The recent Communist Party Congress exuded an air of self-confidence, signalling that China will become a powerful nation that no longer shies away from exporting its own political and economic model to other countries. It was also an advertisement for the orderliness, stability, and unity of the Chinese leadership.

The outcome of the 19th Congress of the Communist Party of China (CPC), concluded last week, reflects the assessment in China’s National Security Blue Paper of 2014. The world is changing, Chinese society is in a state of flux, and stability is the key to confronting these challenges. The CPC seems to have reached the conclusion that stability calls for strong leadership from the Party, which in turn is best realized through concentrating power in the hands of a strongman. Furthermore, the lesson that the leadership has apparently drawn from the fall of the Soviet Union is that the Soviet party and its last leader lacked self-confidence, thereby weakening the party’s ability to resist outside pressures.

In consequence, Xi Jinping has been designated as the core of the CPC leadership, and the Congress duly marked another milestone in cementing his power. Xi has brought the Chinese Dream alive, a confident vision with the goal of China’s grand national rejuvenation set for 2049. The Congress served to further bolster this vision.

The outcomes of the Congress, including Xi Jinping’s three-hour-long speech, reveal the direction that China will take in the next few years in terms of ideology, domestic policies, and foreign relations. The Congress also provided a glimpse into the internal dynamics within the party’s collective leadership.

Ideologically, the Congress signalled a turn to the left. The chosen theme was: “Let us not forget our original ideals!”. Xi quoted an old Maoist slogan, stating that the Party, government, army, the people, and the educational sector must all remain under the firm rule of the CPC leadership. Xi’s ideological contribution, now enshrined in the CPC Constitution, is the Thought on Socialism with Chinese Characteristics for a New Era, with emphasis on the word “socialism”. This indicates that the internal CPC discipline and the party’s grip on different sectors within society will tighten.

The new era will be born in two stages. The final stage will be ushered in with the realization of the Chinese Dream, and by the 2050s, China will have become one of the leading nations in the world with a world-class military. The first stage, following the finalization of the “moderately prosperous society” by 2021, means that by 2035 China will have completed a process of socialist modernization, increased its soft power, and made such advances in environmental protection that the country deserves to be called “beautiful”.

By placing the goal of a “strong China” decades away, Xi probably wanted to assuage concerns over China’s rise, but this can also be interpreted to the effect that China currently lacks other than rhetorical means for bolstering its prestige in the international arena. Xi stated that peace and stability remain China’s goals internationally. He also called for making the international system more democratic, namely multipolar. The main instrument for promoting win-win cooperation in China’s neighbourhood is the Belt and Road Initiative, ultimately aimed at connecting the two economic hubs in Eurasia – China and the EU. The initiative will certainly continue to gain momentum.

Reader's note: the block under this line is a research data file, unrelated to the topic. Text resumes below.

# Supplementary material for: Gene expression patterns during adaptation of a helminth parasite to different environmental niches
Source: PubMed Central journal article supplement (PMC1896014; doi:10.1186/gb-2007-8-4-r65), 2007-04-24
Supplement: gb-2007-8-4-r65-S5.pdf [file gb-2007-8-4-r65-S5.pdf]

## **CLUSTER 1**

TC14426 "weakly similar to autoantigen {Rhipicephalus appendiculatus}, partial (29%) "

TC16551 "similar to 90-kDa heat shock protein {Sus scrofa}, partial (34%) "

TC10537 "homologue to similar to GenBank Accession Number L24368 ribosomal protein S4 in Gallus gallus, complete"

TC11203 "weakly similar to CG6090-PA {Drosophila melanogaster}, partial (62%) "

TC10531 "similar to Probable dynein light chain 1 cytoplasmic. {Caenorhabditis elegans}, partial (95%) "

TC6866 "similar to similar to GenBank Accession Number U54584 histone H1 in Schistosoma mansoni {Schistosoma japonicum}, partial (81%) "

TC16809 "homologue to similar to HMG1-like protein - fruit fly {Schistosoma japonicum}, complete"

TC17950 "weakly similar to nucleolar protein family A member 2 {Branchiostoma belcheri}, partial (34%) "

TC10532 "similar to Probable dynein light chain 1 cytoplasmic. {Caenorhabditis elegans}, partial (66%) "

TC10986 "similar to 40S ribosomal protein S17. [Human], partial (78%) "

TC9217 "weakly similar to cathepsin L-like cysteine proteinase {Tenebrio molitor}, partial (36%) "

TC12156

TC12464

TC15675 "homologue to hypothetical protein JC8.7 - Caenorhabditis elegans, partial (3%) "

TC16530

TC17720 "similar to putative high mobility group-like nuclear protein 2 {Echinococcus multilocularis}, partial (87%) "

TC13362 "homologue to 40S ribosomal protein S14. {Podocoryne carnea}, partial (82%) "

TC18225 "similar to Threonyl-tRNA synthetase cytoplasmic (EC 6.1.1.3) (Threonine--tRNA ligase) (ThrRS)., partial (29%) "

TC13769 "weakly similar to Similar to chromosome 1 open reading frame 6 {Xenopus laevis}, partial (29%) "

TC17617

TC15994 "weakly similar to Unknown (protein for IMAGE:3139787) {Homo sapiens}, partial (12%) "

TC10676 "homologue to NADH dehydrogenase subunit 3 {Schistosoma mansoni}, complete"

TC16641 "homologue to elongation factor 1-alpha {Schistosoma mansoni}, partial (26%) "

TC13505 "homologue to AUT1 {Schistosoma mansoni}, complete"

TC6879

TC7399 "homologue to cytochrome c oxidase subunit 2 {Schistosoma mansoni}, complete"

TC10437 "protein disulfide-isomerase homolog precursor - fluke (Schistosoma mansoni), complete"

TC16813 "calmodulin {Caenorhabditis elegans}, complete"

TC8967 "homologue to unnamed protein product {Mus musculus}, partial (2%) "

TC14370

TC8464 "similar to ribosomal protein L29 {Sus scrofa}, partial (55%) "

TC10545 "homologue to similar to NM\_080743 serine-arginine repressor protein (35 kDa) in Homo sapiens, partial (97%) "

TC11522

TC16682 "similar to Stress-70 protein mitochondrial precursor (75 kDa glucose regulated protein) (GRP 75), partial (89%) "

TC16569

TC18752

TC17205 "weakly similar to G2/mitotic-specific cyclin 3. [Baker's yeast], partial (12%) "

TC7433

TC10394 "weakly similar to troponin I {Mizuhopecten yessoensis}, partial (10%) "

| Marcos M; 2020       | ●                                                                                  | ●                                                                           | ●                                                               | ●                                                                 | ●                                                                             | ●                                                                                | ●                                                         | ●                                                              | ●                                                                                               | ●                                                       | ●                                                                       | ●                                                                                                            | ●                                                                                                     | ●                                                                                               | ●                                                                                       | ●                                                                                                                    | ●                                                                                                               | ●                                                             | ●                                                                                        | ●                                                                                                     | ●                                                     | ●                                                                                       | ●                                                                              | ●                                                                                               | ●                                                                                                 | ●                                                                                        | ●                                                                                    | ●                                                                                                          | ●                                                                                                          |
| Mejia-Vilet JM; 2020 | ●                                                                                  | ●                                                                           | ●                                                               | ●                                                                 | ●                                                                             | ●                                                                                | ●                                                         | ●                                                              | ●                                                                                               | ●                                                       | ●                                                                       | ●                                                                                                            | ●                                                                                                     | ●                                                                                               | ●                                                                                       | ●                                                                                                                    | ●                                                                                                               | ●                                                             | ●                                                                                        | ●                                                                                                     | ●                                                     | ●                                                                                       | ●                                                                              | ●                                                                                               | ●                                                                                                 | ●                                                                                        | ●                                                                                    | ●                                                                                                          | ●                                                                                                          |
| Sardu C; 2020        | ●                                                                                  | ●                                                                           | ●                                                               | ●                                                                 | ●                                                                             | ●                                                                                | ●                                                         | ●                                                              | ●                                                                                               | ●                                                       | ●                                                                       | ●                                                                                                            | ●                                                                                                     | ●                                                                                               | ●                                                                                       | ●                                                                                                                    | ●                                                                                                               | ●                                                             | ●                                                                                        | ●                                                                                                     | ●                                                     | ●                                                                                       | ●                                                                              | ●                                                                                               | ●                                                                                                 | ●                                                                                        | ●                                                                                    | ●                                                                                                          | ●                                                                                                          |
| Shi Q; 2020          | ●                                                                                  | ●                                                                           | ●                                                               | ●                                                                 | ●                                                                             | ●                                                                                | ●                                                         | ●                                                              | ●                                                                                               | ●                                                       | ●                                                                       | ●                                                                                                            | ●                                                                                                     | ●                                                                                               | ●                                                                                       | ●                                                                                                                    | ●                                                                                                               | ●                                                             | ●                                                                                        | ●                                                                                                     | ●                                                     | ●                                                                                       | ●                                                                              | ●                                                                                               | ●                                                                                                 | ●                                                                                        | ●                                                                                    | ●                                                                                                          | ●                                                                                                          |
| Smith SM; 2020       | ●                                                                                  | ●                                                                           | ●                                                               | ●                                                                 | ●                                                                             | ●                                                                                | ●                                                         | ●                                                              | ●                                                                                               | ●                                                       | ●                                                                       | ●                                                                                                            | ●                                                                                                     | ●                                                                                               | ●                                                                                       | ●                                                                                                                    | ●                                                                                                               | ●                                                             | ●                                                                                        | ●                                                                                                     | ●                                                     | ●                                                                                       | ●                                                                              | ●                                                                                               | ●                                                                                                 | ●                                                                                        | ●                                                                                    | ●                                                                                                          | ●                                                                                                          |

China now seems confident that it has a developmental model ready for exporting. According to Xi, China’s model offers a new alternative for countries that are seeking fast economic growth without having to sacrifice their national characteristics.

Unlike during previous party congresses, reform of the political system was not mentioned by Xi. Neither was constitutionalism, although in 2012, Hu Jintao still stated that the CPC must operate within the Chinese constitution. In Xi’s speech, democracy means “consultative democracy”, and
law-based governance is subject to the Party rule. This is bad news for civil society, which will find its room for manoeuvre more constricted.
Xi defined today’s “principal contradiction” as the imbalance between the people’s desire to lead a beautiful life, and the ability of the production forces to deliver. Quality and innovation must increase. There will be a lot of “finalizing” and “deepening”. The reforms of state-owned enterprises and the financial system are among those to be deepened, but to the disappointment of many observers, there is little indication that market forces will be allowed to play a significantly greater role. Xi also omitted to mention China’s debt problem, so major economic reforms do not appear to be on the cards in the near future.

The new Politburo Standing Committee includes no heirs apparent to take Xi’s place in 2022. It may happen that such people will emerge from the Politburo within the next few years, but it is also possible that Xi will continue as party leader even after his second term. The new goalpost in 2035 seems to be tailor-made for Xi, who may not live to see the realization of his Chinese Dream.

At the moment, Xi is strong but not omnipotent. During the Congress, great caution was exercised in order not to visibly shake the system and its existing ballasts. Furthermore, the way in which his legacy was formulated in the CPC Constitution does not yet put him in the same league as Mao Zedong, or even make him runner-up.